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How Asian business leaders prepare for an uncertain future

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The economic outlook for this year is more buoyant in much of Asia than in North America and Europe. Still, the post-Covid rebound is leveling off as inflation rises in many countries and consumer and investor confidence declines. There are common themes in our conversations with managers across Asia. They are uncertain about the future and worry about economic and geopolitical instability.

Of course, they have lived with uncertainty for years. In fact, one of Covid-19’s many lessons is the power of resilience. Resilient businesses survived and even thrived. Those who do not know themselves to be weak.

Resilience is important in good times, bad times, and indifference, but it really shines in times of crisis. Consider the financial crisis that began in 2008. A McKinsey survey of more than 1,000 publicly traded companies in North America and Europe found that the most resilient companies have common factors. The best CEOs focused on overcoming the odds by taking bold early action ahead of the recession. During that time, their results didn’t drop much. And as the situation improved, they bounced back faster.

Will the current economic cycle in Asia worsen? The answer to this question will undoubtedly vary by region. Countries such as India, Indonesia and Vietnam are still seeing relatively good growth, while economies such as South Korea are slowing.

But senior executives should be prepared. Changing business cycles requires leadership. This is a time when companies can consolidate their trajectory for the next few years. Here are five things Asian businesses can do to build resilience and achieve long-term growth.

look in the mirror What sets resilient companies apart is their resilience in the face of uncertainty. they act. They are ready, so they can act. And it starts with self-awareness—identifying the significant risks and disruptions you face now and in the years to come.

Clean up your balance sheet. Prior to the 2008 financial crisis, resilient companies had already cleaned up their balance sheets, reduced operating costs, and reduced debt by an average of $1.20 per dollar of book value. By contrast, less resilient peers added more than $3 to his debt. This made the difference. Resilient businesses were in a much stronger position when things took a turn for the worse. The same was true during the pandemic. In both cases, the point is that most were in solid financial standing. They had room for manipulation, whether that meant buying out or just living things out.

Looking back at the financial crisis, three hallmarks of resilient companies are programmatic M&A, selling more during recessions (2009-2011) than others, and selling more during recovery (2010-2011). made more acquisitions. A clean balance sheet made that possible.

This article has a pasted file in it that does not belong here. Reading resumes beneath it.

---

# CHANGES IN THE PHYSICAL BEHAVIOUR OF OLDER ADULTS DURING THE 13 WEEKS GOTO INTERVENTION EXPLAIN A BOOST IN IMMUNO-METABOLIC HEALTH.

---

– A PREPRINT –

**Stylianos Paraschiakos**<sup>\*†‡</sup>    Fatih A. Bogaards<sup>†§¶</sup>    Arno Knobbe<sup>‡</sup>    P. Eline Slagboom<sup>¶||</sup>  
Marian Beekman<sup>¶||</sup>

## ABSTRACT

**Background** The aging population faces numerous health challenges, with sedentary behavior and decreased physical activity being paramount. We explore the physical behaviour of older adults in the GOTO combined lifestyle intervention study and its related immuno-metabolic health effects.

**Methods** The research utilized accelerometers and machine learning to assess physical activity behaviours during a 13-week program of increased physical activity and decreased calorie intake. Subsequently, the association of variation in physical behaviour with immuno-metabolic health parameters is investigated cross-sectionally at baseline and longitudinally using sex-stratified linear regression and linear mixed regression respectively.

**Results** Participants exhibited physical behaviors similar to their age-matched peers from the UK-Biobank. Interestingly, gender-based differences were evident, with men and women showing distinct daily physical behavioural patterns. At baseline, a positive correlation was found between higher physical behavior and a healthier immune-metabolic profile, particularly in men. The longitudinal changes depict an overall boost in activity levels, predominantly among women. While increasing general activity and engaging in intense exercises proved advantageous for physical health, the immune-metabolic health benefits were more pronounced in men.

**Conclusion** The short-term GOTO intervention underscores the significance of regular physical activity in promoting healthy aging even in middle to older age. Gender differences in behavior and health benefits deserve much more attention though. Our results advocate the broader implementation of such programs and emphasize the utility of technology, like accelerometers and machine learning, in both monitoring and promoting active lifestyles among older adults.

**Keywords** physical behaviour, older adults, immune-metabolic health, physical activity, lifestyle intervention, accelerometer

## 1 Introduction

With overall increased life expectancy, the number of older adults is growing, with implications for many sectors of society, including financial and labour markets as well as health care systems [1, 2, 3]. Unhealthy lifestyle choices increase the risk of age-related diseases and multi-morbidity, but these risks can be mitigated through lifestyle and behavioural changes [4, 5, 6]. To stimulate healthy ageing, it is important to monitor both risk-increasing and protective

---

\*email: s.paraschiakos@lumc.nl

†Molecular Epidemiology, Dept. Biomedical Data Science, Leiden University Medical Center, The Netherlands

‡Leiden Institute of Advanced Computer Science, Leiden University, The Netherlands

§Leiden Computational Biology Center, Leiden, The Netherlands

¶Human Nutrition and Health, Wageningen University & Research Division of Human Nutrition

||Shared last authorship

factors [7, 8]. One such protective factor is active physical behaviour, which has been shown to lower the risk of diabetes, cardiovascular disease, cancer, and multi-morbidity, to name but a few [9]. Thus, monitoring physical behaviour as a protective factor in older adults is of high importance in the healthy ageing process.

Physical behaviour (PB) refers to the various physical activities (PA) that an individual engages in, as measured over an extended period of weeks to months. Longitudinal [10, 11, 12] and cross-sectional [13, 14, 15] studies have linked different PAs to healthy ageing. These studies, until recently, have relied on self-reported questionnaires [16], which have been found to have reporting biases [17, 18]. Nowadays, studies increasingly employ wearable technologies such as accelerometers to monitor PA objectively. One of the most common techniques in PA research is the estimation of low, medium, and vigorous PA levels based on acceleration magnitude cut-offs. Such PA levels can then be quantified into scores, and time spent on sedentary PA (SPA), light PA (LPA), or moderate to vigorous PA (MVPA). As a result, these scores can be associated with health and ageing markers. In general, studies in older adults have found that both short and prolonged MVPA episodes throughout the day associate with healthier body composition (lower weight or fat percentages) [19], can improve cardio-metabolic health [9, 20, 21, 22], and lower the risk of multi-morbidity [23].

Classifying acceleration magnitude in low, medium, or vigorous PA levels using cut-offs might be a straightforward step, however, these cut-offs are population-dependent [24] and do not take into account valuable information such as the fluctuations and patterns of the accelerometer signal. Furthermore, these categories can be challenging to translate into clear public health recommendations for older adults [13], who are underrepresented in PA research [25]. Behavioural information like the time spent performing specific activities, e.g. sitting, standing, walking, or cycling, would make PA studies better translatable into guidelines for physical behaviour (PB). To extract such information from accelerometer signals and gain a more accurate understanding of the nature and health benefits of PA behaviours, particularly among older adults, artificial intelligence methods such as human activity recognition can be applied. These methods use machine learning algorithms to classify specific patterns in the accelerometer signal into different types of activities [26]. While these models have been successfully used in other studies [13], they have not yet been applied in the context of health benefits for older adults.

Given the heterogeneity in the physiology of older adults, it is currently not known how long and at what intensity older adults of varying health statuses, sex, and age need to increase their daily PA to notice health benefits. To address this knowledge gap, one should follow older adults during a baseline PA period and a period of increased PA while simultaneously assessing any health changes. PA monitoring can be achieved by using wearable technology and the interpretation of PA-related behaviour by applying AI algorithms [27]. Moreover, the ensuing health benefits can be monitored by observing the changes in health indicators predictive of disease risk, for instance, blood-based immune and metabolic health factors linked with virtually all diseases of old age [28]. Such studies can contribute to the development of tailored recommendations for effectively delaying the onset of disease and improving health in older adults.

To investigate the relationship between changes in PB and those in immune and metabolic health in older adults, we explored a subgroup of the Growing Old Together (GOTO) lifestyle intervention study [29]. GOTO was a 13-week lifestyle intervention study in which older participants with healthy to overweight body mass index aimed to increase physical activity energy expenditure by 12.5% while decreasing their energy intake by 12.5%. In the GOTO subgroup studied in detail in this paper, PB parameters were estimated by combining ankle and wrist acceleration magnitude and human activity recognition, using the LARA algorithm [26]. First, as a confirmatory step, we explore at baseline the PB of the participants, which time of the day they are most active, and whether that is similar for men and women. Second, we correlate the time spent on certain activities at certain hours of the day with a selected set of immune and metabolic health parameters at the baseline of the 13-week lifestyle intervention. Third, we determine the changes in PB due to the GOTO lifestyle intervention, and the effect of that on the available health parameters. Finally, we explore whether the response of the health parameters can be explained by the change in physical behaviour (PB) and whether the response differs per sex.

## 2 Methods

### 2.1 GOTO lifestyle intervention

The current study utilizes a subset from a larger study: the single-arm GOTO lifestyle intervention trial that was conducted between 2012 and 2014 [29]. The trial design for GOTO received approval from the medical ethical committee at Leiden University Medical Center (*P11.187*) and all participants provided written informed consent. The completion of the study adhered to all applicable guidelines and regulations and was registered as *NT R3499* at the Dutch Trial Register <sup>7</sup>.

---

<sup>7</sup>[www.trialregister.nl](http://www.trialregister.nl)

The last time global inflation was this high was in the early 1980s, so even many seasoned leaders have never experienced this kind of environment. All businesses are well suited to developing an inflation strategy.

Create a playbook for inflation management. The last time global inflation was this high was in the early 1980s, so even many seasoned leaders have never experienced this kind of environment. All businesses are well suited to developing an inflation strategy.

That can include rethinking product and service offerings to increase efficiency. We propose ways to mobilize procurement to solve supply constraints and reduce costs, and of course pricing strategies. Sometimes a price increase is necessary, but most of the time it’s uncomfortable. Nonetheless, there is a possibility that price revisions can be used as points of contact with customers. For example, many distributors resist blanket price increases in favor of charging fees for special services such as rush deliveries. Coordinating inflation-driven price increases in this way, with consumer and product segments in mind, can ease the pain.

Facilitate operational flexibility. When Covid-19 hit, the most resilient companies established small, empowered cross-functional teams. We also increased our investment in collaboration technology, team building, and leadership training. Companies did this out of necessity, but now they are doubling down on these practices for one simple reason. To be successful, teams must have clear strategic direction, good coaching and meaningful recognition. The basic principle is to focus on results, not inputs or processes.

Rethink talent recruitment and training. Executives know how difficult it is to attract and retain today’s talent. If growth slows or reverses, it could open up some talent pools, especially those in digital skills. Resilient companies are well placed to acquire talent that may become available. To do that, companies need to consider their employee’s value proposition and ensure that what they offer matches what candidates are looking for. Money and progress are important, but not enough. McKinsey research shows that employees are increasingly focusing on factors such as growth, engagement and happiness.

Changing business cycles requires leadership. But the best business his leader won’t wait for the changes to become apparent to everyone. they act.

During the pandemic, many Asian companies have reinvented the way they operate more quickly and thoroughly than once thought possible. they can do it again. Businesses that embrace this moment and strengthen their resilience can stand out from the crowd and set their companies on the path to success.

This article was originally published on Bloomberg on September 14, 2022 and is reprinted here with permission.